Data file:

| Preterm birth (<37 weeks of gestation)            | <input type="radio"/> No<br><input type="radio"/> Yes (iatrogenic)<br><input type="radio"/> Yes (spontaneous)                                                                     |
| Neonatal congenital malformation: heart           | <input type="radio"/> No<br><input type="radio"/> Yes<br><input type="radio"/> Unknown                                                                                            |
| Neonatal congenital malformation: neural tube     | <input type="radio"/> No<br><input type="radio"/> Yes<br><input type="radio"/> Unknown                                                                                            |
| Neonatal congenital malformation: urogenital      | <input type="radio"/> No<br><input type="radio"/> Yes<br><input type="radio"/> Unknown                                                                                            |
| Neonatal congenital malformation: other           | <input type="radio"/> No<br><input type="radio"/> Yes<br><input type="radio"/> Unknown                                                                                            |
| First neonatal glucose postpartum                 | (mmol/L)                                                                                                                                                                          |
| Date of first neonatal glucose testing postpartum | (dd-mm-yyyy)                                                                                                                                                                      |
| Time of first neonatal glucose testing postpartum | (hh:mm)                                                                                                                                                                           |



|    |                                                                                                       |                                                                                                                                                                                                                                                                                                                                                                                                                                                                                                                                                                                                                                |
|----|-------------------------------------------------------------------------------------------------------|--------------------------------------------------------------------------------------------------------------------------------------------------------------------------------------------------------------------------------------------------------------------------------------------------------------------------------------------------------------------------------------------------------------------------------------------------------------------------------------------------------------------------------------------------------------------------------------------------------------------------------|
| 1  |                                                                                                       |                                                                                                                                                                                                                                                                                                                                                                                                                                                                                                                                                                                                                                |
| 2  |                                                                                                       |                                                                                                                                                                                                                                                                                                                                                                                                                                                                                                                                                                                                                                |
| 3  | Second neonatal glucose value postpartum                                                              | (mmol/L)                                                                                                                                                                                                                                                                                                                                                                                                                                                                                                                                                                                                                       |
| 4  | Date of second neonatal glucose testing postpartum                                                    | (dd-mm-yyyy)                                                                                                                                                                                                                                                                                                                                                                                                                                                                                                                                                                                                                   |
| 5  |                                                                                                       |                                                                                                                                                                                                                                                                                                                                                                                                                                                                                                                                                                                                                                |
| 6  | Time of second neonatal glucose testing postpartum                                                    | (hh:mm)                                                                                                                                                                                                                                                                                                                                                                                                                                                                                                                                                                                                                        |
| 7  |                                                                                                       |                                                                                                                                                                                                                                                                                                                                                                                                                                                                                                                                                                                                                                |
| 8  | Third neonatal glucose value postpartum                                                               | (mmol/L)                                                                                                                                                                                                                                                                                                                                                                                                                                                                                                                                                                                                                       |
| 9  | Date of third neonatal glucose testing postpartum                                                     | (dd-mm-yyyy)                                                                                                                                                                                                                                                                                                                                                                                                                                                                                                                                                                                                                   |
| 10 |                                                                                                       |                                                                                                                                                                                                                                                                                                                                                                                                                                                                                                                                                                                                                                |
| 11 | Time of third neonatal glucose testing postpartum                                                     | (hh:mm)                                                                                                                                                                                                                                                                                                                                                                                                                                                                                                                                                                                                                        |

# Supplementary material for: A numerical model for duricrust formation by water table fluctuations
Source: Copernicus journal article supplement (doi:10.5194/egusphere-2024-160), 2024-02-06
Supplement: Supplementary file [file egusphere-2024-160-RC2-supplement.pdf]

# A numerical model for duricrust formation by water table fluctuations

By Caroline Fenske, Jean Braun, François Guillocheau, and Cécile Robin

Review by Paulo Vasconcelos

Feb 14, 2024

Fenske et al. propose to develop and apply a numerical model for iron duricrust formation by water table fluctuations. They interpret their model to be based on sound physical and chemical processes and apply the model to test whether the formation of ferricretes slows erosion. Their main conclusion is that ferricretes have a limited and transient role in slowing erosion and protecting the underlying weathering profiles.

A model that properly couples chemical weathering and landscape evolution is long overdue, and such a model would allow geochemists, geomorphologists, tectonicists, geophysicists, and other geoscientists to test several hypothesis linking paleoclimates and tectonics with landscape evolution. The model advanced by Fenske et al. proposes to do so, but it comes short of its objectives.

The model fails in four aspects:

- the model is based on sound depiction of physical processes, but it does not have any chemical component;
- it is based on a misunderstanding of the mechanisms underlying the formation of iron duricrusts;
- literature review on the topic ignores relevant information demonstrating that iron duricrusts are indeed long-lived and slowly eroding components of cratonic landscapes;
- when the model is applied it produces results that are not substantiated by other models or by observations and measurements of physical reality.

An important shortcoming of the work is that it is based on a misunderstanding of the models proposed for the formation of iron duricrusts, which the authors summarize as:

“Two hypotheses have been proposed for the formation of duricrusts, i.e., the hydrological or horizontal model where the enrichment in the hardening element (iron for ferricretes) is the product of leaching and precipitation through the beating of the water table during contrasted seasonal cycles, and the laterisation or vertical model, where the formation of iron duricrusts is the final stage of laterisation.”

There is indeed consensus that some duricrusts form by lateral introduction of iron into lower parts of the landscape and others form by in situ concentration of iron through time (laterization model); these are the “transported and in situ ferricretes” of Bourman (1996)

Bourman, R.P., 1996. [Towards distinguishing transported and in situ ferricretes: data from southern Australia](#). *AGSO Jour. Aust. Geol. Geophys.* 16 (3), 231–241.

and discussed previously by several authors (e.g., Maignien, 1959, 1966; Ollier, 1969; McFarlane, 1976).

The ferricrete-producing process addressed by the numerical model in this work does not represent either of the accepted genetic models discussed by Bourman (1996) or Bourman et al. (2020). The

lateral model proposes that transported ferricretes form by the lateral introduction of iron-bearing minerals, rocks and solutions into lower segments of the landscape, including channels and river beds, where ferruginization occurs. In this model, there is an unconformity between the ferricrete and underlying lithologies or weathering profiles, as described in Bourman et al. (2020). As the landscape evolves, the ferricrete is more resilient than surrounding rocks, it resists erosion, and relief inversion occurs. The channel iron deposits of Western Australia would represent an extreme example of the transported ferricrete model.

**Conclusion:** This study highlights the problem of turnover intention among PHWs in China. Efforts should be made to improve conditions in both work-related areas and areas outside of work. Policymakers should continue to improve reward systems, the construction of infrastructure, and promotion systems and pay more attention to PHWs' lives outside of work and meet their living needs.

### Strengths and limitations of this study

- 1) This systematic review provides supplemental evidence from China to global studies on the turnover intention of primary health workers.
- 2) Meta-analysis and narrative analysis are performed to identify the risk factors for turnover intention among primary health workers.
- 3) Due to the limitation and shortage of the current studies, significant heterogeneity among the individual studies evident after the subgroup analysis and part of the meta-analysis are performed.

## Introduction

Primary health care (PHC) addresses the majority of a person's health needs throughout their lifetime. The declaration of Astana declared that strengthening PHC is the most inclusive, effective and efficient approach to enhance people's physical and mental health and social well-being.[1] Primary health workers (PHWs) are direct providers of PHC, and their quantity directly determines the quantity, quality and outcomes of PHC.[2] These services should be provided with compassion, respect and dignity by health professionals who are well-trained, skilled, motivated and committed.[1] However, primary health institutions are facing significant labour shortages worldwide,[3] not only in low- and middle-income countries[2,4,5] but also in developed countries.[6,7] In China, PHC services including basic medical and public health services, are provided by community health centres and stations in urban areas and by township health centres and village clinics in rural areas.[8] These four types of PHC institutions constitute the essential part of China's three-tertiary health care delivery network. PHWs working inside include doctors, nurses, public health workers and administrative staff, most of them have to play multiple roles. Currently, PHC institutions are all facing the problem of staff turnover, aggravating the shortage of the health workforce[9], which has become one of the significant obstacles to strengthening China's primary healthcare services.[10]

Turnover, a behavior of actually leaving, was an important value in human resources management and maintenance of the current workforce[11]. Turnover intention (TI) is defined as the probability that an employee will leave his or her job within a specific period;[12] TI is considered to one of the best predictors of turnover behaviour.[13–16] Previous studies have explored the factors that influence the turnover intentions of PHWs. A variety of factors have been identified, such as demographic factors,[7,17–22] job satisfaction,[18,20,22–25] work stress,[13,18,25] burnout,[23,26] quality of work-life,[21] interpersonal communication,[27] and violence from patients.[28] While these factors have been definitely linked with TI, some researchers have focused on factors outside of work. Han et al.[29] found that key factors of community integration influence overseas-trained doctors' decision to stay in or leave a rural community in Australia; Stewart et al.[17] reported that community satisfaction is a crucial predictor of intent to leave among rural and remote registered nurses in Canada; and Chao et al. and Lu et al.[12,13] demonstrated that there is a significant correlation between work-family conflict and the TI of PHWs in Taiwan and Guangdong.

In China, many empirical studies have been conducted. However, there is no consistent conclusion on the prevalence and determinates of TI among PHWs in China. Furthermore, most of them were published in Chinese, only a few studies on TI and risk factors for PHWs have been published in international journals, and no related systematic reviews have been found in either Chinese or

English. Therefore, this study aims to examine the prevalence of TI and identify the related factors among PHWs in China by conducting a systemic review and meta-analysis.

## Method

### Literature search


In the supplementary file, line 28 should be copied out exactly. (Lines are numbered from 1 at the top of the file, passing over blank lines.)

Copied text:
Feb 14, 2024